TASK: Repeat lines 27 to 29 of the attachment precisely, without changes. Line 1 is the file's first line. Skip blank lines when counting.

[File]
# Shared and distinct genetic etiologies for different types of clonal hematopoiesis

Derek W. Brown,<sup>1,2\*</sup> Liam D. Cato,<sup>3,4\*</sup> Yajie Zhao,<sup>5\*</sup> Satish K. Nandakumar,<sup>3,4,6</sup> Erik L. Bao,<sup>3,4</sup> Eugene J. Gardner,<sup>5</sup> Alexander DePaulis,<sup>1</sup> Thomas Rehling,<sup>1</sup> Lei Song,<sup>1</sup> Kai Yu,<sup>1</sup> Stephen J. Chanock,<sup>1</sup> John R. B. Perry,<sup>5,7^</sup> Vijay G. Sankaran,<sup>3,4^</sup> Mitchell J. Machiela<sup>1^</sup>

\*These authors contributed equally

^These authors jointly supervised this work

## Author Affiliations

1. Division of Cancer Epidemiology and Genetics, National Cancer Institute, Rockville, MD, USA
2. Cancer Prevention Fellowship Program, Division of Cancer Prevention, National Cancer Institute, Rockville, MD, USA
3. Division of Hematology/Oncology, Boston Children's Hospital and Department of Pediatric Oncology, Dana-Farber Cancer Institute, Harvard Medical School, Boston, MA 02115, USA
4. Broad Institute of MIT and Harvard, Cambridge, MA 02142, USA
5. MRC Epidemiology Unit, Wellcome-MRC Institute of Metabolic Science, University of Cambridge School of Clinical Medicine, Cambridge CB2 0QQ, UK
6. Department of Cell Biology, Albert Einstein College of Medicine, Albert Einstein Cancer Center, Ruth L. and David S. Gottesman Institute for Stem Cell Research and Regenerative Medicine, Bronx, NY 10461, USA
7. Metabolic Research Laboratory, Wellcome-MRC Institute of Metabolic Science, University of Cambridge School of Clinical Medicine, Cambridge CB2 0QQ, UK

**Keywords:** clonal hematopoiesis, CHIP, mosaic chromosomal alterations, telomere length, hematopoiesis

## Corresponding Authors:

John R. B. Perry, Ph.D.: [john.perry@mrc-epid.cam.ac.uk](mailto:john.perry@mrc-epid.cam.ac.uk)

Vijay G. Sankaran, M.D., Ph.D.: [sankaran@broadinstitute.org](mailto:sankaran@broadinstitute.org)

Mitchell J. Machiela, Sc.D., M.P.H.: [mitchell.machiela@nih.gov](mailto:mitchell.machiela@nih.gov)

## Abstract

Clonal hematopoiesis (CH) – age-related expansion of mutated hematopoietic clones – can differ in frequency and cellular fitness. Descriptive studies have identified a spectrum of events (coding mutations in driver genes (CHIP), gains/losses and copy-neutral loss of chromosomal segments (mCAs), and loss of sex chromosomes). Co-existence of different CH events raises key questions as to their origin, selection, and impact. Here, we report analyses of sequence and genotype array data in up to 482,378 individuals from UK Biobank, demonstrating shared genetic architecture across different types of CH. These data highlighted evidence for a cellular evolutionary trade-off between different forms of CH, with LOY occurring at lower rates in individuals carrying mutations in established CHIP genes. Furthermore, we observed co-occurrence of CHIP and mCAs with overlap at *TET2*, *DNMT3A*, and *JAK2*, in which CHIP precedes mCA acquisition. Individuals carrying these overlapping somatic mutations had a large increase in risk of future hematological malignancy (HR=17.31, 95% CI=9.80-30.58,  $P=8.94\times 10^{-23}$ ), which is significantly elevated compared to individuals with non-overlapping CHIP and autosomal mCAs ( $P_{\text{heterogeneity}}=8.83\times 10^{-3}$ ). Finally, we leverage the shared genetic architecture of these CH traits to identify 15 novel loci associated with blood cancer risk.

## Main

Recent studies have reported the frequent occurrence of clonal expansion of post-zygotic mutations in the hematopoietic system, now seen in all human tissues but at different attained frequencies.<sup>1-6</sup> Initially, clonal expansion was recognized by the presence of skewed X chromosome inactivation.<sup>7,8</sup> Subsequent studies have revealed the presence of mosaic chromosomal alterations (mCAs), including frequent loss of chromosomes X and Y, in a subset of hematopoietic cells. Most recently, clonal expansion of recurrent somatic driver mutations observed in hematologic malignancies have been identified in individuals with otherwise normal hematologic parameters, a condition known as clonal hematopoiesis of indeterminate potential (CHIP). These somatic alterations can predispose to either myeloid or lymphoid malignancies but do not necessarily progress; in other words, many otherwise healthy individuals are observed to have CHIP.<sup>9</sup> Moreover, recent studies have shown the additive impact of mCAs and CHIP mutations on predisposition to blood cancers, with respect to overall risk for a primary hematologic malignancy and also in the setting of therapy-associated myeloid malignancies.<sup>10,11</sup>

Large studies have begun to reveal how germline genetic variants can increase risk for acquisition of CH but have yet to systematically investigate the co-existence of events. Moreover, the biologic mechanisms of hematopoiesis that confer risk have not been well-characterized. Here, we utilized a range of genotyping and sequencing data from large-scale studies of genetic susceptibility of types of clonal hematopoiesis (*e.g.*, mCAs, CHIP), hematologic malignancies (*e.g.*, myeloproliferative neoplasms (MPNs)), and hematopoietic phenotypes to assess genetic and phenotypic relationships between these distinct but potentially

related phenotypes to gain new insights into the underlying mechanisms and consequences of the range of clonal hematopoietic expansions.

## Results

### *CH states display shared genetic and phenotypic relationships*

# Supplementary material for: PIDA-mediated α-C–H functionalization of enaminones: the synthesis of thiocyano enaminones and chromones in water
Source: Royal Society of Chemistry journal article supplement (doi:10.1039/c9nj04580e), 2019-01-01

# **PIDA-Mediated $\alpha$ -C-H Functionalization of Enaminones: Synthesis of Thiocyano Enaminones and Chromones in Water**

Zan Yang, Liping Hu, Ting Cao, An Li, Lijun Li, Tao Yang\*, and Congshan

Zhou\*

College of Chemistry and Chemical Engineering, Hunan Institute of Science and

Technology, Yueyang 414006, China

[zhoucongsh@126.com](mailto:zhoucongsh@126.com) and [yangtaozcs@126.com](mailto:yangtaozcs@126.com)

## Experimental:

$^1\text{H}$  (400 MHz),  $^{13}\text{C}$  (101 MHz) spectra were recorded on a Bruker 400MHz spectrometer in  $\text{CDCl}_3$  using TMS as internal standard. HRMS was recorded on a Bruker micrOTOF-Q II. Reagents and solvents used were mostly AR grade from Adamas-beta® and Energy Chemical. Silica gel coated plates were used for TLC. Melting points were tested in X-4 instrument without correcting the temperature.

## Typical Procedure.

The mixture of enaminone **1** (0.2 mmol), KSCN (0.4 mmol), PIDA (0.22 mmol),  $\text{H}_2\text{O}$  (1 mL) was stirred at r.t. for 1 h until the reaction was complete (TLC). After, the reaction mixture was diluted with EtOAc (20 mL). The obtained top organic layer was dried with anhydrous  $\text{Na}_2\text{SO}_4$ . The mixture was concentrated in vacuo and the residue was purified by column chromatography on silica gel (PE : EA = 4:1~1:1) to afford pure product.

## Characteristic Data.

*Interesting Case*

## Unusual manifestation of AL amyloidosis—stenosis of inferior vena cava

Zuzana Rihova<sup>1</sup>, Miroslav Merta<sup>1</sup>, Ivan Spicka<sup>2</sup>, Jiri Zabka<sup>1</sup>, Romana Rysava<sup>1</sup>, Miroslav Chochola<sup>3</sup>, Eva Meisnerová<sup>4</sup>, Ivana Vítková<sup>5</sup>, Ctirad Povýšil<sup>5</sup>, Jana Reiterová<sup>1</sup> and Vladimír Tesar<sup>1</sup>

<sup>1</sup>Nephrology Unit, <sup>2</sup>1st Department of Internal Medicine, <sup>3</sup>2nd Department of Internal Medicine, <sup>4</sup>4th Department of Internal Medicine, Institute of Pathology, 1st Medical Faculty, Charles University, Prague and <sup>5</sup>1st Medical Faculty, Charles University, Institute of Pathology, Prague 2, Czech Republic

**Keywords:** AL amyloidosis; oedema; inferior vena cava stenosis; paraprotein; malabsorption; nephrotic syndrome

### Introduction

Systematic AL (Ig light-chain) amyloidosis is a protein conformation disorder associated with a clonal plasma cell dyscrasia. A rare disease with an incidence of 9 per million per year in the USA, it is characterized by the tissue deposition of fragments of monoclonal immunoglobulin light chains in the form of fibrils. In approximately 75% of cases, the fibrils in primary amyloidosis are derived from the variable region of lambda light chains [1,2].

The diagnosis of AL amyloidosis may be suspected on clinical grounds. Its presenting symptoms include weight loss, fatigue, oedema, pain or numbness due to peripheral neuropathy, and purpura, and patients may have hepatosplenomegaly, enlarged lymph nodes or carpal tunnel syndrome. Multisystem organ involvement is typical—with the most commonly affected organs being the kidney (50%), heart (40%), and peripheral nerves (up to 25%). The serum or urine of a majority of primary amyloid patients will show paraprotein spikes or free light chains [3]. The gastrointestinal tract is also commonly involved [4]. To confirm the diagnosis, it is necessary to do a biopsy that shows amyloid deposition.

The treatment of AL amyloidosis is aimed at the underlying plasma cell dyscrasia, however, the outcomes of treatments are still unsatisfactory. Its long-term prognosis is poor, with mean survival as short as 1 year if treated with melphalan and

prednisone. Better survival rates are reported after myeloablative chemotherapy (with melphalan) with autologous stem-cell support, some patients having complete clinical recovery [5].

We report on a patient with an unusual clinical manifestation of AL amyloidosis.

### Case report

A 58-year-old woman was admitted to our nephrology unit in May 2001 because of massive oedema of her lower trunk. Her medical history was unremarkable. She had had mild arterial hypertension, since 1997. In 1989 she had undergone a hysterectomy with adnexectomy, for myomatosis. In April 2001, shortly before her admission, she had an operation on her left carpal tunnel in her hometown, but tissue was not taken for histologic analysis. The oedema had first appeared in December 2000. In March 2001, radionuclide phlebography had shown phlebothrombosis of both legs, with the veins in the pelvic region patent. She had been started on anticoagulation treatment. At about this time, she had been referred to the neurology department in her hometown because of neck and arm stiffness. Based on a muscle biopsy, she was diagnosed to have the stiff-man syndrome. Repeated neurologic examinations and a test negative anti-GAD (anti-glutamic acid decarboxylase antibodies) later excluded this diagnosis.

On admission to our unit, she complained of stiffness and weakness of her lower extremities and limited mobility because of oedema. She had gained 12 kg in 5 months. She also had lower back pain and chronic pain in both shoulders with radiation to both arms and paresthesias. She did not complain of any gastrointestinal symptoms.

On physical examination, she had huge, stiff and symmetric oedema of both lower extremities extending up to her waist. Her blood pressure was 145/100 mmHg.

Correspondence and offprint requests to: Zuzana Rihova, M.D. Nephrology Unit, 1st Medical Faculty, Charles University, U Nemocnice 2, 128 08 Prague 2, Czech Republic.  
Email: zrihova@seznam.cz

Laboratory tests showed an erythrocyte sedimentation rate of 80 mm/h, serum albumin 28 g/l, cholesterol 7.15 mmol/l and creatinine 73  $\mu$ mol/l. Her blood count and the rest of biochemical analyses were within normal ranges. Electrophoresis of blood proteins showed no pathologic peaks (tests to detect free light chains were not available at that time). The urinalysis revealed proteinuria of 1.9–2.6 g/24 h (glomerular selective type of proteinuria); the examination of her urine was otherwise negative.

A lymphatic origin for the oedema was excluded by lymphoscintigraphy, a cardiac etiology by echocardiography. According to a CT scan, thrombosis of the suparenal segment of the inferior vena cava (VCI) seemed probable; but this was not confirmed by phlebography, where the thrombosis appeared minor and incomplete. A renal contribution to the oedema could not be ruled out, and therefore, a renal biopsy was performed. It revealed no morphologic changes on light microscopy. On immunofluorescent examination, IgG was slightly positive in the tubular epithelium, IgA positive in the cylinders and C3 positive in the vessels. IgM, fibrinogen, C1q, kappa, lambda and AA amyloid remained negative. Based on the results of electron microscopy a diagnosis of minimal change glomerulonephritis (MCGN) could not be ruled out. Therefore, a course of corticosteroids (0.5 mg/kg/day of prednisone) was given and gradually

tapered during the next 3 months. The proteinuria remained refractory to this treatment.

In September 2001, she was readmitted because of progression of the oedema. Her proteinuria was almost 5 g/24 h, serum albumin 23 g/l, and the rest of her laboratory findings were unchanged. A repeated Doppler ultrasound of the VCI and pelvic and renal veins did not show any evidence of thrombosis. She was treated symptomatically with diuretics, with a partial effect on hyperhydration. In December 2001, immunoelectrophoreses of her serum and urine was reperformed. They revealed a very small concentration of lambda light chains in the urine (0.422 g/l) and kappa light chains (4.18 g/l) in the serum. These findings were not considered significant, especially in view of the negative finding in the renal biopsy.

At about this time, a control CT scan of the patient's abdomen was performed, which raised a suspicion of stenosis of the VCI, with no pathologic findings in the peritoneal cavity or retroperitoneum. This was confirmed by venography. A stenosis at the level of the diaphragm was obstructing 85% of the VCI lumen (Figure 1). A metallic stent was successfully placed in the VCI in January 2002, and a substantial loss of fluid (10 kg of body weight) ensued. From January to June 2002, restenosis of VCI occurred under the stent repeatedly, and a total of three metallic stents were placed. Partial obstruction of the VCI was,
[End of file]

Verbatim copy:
Source: Royal Society of Chemistry journal article supplement (doi:10.1039/c9nj04580e), 2019-01-01

# **PIDA-Mediated $\alpha$ -C-H Functionalization of Enaminones: Synthesis of Thiocyano Enaminones and Chromones in Water**

Zan Yang, Liping Hu, Ting Cao, An Li, Lijun Li, Tao Yang\*, and Congshan